To the Editor:
The fiftieth anniversaries of the atomic bombings have prompted debates about the ethics of warfare. Meanwhile, America's war on prenatal children has raged on unabated, routinely trashing every ethical principle. It has consisted exclusively of literally surgical first strikes against the totally innocent and helpless, intended to preempt the recognition and protections normally accorded at birth. Rather than honor the immunity of non-combatants, it has deliberately targeted them. It has employed poisonous weapons, refusal of quarter and live dismemberment of the unarmed target population, even subjecting them to experimentation, in contravention of the laws of war and all international standards for the treatment of prisoners. It has violated "Just War" principles, including just cause, last resort, proportionality and competent authority by placing the decision for a death-dealing act, grotesquely disproportionate to the ends usually sought, in the hands of the frequently ill-informed, distraught and underage. It's rationalization on the basis of so-called hard cases has reduced the vast majority of those slaughtered to collateral damage at rates that would be morally horrendous if practiced by the military.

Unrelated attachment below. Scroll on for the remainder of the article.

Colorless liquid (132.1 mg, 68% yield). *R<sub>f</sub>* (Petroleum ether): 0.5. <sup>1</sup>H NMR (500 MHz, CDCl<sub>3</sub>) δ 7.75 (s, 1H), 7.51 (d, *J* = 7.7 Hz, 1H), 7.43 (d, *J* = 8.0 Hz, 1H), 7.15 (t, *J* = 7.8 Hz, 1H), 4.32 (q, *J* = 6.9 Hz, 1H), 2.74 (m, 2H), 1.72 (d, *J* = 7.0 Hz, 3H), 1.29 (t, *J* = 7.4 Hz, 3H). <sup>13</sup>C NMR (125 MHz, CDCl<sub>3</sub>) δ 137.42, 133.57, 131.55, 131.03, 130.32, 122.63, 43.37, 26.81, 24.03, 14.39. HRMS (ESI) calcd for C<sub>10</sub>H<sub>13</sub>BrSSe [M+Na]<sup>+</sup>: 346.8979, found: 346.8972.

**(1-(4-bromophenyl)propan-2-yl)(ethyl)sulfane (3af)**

What is it about unborn babies that suspends every ethical consideration? Is it the lack of any non-violent alternative for retaining control that justifies all manner of barbarism? Or is it that once the mental process of devaluing the lives of others, born or unborn, has gone far enough, they cease to exist in our minds as human beings such that anything can be done to them? What have we become that we avert our eyes as nearly one in every three of our children is destroyed? Is this imbalance of power so much to be feared? Why has the propaganda campaign been so effective that many now think and speak in the euphemisms ("pro-choice", "pregnancy termination", "reproductive freedom", etc.) and oxymorons ("safe abortion", "abortion rights") of the language of denial? How much more violence to life, truth, language, values, law, government, medicine, ethics and the principles of human rights can our society withstand?
But conscience and nature are not easily overcome. Like the flyers who delivered the bombs, the women who have delivered their unborn babies to the killing centers have suffered unforeseen fallout, experiencing a range of emotional and physical problems from guilt and depression to sterility and breast cancer. Yet the war planners continue to resist providing even the most basic safeguards - such as information about human development, life-affirming alternatives and potential hazards - rightly fearful that piercing their veil of ignorance will render their proxies unwilling to continue the carnage.